Fixing the specificity at 95% for all tests made it possible to compare directly the relative effectiveness of POP, VFI, and MD at recognizing progression. GPA was not amenable to that approach. Whether the severity of field damage was in the suspect or glaucoma range, POP identified a similar number of eyes as progressing. In the PGON eyes, indicated to be deteriorating because of confirmed progressive disk or nerve fiber damage, similar results were observed. However, POP, VFI, MD, and GPA did not detect a particularly large percentage of PGON eyes. This probably is due in part to the use of optic disk progression to determine whether progression is occurring in VFs. Eyes appear to progress at different rates when assessed using functional and structural measurements. 16 Several studies have suggested less than ideal agreement between functional- and structural-based change detection. 1719 This difference suggests that combining both field and structural tests to detect progression might find more progressing eyes. Additionally, statistically accounting for seven chances to detect progression in POP may have led to an overly conservative detection method. For example, assigning a cutoff proportion based on 95% specificity for each axis in POP classifies progression in many more eyes than VFI or MD, but the overall specificity of POP is reduced because there are seven chances to find progression in POP compared with one in VFI or MD. 
The rate of progression was 1.7 and 1.6 times faster with POP than with VFI or MD, respectively, in eyes identified as progressing by PGON. The likely explanation is that POP concentrates on the defect patterns that progress the most and ignores the stable patterns. VFI and MD, on the other hand, are global tests that do not focus on progressing patterns.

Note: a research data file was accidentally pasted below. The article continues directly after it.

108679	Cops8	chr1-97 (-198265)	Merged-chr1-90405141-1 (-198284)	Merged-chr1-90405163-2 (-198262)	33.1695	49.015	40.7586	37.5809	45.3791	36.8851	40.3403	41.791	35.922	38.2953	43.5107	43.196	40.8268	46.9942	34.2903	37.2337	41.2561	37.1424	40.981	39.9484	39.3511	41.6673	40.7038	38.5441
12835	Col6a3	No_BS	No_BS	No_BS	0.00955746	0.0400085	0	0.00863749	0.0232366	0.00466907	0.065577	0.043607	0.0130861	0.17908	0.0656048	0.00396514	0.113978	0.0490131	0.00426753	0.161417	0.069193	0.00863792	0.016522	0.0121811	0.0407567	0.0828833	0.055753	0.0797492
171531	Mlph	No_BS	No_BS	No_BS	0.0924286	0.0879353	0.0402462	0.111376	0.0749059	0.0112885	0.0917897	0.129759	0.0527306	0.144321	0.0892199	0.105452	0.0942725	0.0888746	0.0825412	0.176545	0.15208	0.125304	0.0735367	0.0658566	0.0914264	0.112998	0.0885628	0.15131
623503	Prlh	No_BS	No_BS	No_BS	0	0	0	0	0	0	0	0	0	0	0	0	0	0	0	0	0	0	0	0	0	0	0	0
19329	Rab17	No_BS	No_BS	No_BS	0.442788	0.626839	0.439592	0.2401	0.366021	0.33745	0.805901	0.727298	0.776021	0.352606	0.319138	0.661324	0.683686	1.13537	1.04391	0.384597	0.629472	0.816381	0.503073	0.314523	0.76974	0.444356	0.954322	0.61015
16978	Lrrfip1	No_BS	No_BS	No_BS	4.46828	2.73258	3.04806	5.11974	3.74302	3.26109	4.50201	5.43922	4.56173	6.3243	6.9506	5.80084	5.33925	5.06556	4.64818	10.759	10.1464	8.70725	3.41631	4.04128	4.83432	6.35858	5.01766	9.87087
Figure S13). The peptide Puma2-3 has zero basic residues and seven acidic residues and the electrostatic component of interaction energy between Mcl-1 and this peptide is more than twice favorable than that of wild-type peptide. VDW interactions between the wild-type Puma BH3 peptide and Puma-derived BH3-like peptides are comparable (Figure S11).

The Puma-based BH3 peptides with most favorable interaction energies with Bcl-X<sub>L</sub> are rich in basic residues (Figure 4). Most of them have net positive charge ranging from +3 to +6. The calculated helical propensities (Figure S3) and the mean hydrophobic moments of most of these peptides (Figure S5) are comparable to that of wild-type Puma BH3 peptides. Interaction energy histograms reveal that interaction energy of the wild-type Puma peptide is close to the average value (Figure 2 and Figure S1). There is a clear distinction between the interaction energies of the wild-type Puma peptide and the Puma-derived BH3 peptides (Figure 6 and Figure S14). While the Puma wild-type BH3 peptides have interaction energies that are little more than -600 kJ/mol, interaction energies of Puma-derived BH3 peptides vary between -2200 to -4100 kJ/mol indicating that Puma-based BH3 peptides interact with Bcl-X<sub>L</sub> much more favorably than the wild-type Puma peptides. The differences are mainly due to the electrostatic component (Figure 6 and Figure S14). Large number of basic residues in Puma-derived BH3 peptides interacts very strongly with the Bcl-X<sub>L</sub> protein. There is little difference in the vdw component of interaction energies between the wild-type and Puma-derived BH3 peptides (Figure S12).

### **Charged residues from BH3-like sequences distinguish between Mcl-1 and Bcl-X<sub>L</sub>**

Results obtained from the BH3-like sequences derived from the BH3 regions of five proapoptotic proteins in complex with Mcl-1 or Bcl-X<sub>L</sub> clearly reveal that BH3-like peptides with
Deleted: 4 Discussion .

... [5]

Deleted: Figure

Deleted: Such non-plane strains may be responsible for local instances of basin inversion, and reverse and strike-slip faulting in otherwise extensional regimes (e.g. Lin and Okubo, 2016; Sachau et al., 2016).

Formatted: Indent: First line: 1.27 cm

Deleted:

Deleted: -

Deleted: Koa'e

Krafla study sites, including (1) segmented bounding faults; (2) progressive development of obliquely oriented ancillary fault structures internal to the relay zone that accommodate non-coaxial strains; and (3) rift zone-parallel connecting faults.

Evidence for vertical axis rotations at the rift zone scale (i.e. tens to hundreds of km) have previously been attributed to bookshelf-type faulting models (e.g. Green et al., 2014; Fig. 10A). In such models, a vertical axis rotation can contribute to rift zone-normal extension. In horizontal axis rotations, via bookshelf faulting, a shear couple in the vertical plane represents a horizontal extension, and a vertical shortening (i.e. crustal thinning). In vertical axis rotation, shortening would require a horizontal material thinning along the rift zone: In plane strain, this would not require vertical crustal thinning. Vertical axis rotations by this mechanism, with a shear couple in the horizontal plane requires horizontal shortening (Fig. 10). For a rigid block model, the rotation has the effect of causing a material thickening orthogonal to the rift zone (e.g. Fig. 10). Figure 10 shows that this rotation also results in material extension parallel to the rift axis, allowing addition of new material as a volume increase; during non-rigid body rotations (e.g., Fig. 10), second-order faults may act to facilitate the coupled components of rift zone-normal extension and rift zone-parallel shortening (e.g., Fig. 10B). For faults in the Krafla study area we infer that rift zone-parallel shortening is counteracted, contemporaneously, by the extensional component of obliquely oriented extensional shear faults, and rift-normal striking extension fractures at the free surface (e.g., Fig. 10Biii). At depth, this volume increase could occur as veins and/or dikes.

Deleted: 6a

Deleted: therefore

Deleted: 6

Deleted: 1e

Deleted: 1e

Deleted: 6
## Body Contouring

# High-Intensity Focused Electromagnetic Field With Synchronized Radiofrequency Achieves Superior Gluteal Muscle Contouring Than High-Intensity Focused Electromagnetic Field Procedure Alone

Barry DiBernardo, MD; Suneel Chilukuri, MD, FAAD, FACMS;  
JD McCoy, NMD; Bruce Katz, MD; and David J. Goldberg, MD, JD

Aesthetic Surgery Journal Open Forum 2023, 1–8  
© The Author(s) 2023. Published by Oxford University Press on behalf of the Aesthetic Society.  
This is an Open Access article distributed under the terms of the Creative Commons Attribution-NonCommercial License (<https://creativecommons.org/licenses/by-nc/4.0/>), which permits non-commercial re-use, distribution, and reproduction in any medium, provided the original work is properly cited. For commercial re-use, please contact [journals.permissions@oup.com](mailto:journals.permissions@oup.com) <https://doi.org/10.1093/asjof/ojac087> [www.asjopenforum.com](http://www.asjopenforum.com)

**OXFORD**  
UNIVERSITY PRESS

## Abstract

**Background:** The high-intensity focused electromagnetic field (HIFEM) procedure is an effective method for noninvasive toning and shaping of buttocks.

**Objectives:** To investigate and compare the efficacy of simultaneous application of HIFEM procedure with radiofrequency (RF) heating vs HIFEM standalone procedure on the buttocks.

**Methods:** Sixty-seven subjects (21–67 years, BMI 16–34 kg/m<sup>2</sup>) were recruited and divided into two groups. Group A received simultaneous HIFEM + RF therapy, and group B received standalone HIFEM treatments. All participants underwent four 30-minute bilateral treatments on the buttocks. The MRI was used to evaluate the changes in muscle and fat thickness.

Whereas the design of a method to separate classes (e.g., stable and progressing) based on human perception and reasoning can be successful, the dependence on human reasoning opens the method to the possibility of human bias and inadequate perception of the factors that can best separate these classes. 20 The lesser performance of GPA could be an example of these limitations. A good pattern recognition approach can learn from data how to approach the ideal separation of the classes given the available features, and it can do so without human input and, thus, without the risk of human bias. The indication that POP was as good a detector of progression validates a rigorous mathematical approach to separating progressing from stable eyes, giving POP the potential to be a useful tool for interpreting VF change. 
In summary, POP was designed to maximize the SNR while identifying progressing eyes and make the best use of VF data while avoiding human biases during identification of progressing eyes. POP accounted for two major probability distributions and displayed the information in a manner that would bring understanding and intuition to the practitioner who has to decide whether the current management is working or if additional more aggressive treatment is necessary. POP shows promise in satisfying these clinical needs. 
Appendix A